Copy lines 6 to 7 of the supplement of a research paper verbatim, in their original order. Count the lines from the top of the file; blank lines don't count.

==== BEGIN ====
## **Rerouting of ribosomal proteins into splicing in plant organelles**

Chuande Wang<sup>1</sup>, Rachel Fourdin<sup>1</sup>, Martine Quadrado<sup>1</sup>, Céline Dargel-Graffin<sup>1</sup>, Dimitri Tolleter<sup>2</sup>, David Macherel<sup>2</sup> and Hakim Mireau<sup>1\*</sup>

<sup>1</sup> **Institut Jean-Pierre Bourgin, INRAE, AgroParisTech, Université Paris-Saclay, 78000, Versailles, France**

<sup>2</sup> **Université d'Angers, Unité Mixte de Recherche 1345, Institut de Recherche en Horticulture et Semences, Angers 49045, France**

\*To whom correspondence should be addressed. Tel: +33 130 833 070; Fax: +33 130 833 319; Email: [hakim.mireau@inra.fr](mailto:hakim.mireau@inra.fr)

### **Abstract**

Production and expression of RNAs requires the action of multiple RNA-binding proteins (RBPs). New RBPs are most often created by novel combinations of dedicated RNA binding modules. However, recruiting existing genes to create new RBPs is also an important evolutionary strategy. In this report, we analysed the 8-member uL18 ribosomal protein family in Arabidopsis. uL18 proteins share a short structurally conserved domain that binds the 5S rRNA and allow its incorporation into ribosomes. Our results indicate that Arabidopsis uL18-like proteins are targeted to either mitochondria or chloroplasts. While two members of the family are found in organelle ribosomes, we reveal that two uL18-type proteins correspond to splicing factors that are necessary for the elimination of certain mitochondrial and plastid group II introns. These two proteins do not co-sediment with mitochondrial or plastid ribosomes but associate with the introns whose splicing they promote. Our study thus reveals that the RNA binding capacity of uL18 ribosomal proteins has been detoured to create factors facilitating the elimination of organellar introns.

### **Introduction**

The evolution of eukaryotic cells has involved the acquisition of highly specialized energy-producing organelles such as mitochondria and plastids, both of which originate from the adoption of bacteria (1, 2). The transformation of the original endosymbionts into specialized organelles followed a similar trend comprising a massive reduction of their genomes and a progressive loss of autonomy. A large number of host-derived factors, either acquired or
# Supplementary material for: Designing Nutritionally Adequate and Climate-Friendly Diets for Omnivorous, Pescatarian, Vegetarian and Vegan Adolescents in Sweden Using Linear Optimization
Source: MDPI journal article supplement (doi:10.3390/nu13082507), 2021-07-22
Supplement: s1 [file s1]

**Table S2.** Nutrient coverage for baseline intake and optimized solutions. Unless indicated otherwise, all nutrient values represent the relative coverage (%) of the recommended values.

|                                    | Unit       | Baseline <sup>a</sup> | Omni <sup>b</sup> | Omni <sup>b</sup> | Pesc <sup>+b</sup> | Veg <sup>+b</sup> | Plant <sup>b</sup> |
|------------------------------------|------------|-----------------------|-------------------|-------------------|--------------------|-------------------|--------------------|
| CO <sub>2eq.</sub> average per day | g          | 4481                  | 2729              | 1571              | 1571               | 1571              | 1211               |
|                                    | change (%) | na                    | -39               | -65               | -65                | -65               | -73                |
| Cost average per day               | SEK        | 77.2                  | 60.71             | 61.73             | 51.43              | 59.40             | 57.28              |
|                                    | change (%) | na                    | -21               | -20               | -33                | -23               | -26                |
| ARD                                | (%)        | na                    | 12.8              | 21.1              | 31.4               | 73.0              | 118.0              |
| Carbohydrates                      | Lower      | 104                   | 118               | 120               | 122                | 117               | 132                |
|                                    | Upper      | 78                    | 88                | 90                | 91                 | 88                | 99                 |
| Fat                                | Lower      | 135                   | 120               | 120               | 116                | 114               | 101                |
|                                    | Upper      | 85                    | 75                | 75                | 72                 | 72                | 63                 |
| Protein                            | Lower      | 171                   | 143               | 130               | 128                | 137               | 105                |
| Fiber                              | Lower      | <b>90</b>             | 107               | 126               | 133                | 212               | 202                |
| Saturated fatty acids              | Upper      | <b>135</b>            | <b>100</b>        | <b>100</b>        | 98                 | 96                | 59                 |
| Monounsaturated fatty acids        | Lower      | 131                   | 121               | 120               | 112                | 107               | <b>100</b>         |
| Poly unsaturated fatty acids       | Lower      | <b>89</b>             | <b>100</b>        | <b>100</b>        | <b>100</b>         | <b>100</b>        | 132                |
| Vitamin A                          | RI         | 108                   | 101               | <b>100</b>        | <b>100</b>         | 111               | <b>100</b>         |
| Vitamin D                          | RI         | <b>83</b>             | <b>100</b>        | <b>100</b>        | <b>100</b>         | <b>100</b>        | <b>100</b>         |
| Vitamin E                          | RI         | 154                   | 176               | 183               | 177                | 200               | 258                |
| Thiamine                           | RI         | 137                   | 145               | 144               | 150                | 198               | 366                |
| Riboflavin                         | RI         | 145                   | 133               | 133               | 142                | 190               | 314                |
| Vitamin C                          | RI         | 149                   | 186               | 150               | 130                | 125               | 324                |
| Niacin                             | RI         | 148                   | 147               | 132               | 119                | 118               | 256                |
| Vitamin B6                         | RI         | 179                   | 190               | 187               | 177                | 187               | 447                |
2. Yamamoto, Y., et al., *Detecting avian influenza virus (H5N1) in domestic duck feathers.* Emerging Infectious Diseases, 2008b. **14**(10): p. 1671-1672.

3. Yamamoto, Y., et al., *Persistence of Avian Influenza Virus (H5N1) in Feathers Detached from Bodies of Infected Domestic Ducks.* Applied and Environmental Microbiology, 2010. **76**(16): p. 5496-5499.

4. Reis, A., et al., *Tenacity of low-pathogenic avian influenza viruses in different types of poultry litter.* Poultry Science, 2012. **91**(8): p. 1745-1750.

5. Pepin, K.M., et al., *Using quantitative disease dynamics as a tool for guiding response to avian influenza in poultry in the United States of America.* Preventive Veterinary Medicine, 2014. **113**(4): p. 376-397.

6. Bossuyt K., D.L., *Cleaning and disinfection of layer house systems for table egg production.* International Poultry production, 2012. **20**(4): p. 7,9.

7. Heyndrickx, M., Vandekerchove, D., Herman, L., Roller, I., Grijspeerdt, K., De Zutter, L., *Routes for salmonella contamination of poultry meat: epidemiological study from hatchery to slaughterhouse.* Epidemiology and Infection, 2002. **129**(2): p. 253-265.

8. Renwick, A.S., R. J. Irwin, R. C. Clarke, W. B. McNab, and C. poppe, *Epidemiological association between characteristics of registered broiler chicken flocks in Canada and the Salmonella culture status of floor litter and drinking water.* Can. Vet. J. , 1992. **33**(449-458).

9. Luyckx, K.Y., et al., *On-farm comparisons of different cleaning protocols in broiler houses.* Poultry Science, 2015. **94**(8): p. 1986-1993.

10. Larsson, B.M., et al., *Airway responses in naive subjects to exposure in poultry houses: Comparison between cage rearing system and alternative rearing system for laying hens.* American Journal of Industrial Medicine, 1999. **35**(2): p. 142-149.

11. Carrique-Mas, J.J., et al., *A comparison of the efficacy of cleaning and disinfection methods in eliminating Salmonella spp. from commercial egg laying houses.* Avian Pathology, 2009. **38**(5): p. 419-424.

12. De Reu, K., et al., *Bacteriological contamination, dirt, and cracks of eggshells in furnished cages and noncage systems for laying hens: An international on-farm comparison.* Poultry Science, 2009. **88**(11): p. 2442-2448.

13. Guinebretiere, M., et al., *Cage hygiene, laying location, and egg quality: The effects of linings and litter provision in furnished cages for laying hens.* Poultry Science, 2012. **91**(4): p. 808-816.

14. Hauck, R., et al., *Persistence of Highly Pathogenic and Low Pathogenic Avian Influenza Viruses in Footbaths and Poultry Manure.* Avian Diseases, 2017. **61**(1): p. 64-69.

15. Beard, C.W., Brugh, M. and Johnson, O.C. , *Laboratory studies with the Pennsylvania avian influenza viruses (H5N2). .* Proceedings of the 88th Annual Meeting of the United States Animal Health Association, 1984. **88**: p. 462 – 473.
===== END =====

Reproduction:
### **Abstract**

Production and expression of RNAs requires the action of multiple RNA-binding proteins (RBPs). New RBPs are most often created by novel combinations of dedicated RNA binding modules. However, recruiting existing genes to create new RBPs is also an important evolutionary strategy. In this report, we analysed the 8-member uL18 ribosomal protein family in Arabidopsis. uL18 proteins share a short structurally conserved domain that binds the 5S rRNA and allow its incorporation into ribosomes. Our results indicate that Arabidopsis uL18-like proteins are targeted to either mitochondria or chloroplasts. While two members of the family are found in organelle ribosomes, we reveal that two uL18-type proteins correspond to splicing factors that are necessary for the elimination of certain mitochondrial and plastid group II introns. These two proteins do not co-sediment with mitochondrial or plastid ribosomes but associate with the introns whose splicing they promote. Our study thus reveals that the RNA binding capacity of uL18 ribosomal proteins has been detoured to create factors facilitating the elimination of organellar introns.